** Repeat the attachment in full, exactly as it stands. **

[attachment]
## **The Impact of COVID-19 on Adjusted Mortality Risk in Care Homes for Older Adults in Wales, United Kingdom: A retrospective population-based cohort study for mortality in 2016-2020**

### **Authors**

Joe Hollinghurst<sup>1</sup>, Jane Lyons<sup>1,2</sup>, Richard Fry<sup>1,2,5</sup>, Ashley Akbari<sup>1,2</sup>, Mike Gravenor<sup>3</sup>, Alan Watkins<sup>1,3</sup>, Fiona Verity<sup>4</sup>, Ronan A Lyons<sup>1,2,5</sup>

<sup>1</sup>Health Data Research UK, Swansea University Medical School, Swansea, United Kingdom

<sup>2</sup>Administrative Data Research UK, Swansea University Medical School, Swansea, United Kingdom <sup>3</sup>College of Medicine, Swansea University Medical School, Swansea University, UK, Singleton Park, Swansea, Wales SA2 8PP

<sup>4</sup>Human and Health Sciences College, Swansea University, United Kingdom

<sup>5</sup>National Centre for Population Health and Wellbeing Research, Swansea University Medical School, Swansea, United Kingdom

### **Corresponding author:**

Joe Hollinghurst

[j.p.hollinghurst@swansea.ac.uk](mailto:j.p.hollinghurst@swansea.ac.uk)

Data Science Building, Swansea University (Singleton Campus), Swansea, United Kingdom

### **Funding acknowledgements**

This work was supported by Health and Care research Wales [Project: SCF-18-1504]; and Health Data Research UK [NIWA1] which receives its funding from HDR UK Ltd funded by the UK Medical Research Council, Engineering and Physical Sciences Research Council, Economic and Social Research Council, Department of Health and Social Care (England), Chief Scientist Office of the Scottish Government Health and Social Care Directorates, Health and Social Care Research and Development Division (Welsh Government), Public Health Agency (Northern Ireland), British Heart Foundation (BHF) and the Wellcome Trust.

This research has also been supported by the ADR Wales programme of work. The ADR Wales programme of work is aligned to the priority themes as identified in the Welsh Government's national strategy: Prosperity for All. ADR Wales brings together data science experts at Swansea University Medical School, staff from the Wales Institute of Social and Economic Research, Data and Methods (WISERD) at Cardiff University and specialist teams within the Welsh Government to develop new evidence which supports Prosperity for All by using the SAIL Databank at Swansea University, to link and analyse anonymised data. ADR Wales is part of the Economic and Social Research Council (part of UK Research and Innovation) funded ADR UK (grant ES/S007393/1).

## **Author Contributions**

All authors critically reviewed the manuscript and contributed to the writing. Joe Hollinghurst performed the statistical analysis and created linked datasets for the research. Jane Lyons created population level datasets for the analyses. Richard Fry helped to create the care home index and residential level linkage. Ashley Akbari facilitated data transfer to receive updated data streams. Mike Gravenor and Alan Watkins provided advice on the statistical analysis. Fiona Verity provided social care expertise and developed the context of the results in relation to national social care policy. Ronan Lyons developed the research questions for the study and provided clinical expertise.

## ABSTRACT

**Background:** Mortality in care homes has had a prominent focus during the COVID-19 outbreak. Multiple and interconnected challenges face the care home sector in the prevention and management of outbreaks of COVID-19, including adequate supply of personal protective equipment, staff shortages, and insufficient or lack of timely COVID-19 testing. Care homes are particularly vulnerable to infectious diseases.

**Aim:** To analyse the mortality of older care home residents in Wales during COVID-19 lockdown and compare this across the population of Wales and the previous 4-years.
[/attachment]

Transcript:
## **The Impact of COVID-19 on Adjusted Mortality Risk in Care Homes for Older Adults in Wales, United Kingdom: A retrospective population-based cohort study for mortality in 2016-2020**

### **Authors**

Joe Hollinghurst<sup>1</sup>, Jane Lyons<sup>1,2</sup>, Richard Fry<sup>1,2,5</sup>, Ashley Akbari<sup>1,2</sup>, Mike Gravenor<sup>3</sup>, Alan Watkins<sup>1,3</sup>, Fiona Verity<sup>4</sup>, Ronan A Lyons<sup>1,2,5</sup>

<sup>1</sup>Health Data Research UK, Swansea University Medical School, Swansea, United Kingdom

<sup>2</sup>Administrative Data Research UK, Swansea University Medical School, Swansea, United Kingdom <sup>3</sup>College of Medicine, Swansea University Medical School, Swansea University, UK, Singleton Park, Swansea, Wales SA2 8PP

<sup>4</sup>Human and Health Sciences College, Swansea University, United Kingdom

<sup>5</sup>National Centre for Population Health and Wellbeing Research, Swansea University Medical School, Swansea, United Kingdom

### **Corresponding author:**

Joe Hollinghurst

[j.p.hollinghurst@swansea.ac.uk](mailto:j.p.hollinghurst@swansea.ac.uk)

Data Science Building, Swansea University (Singleton Campus), Swansea, United Kingdom

### **Funding acknowledgements**

This work was supported by Health and Care research Wales [Project: SCF-18-1504]; and Health Data Research UK [NIWA1] which receives its funding from HDR UK Ltd funded by the UK Medical Research Council, Engineering and Physical Sciences Research Council, Economic and Social Research Council, Department of Health and Social Care (England), Chief Scientist Office of the Scottish Government Health and Social Care Directorates, Health and Social Care Research and Development Division (Welsh Government), Public Health Agency (Northern Ireland), British Heart Foundation (BHF) and the Wellcome Trust.

This research has also been supported by the ADR Wales programme of work. The ADR Wales programme of work is aligned to the priority themes as identified in the Welsh Government's national strategy: Prosperity for All. ADR Wales brings together data science experts at Swansea University Medical School, staff from the Wales Institute of Social and Economic Research, Data and Methods (WISERD) at Cardiff University and specialist teams within the Welsh Government to develop new evidence which supports Prosperity for All by using the SAIL Databank at Swansea University, to link and analyse anonymised data. ADR Wales is part of the Economic and Social Research Council (part of UK Research and Innovation) funded ADR UK (grant ES/S007393/1).

## **Author Contributions**

All authors critically reviewed the manuscript and contributed to the writing. Joe Hollinghurst performed the statistical analysis and created linked datasets for the research. Jane Lyons created population level datasets for the analyses. Richard Fry helped to create the care home index and residential level linkage. Ashley Akbari facilitated data transfer to receive updated data streams. Mike Gravenor and Alan Watkins provided advice on the statistical analysis. Fiona Verity provided social care expertise and developed the context of the results in relation to national social care policy. Ronan Lyons developed the research questions for the study and provided clinical expertise.

## ABSTRACT

**Background:** Mortality in care homes has had a prominent focus during the COVID-19 outbreak. Multiple and interconnected challenges face the care home sector in the prevention and management of outbreaks of COVID-19, including adequate supply of personal protective equipment, staff shortages, and insufficient or lack of timely COVID-19 testing. Care homes are particularly vulnerable to infectious diseases.

**Aim:** To analyse the mortality of older care home residents in Wales during COVID-19 lockdown and compare this across the population of Wales and the previous 4-years.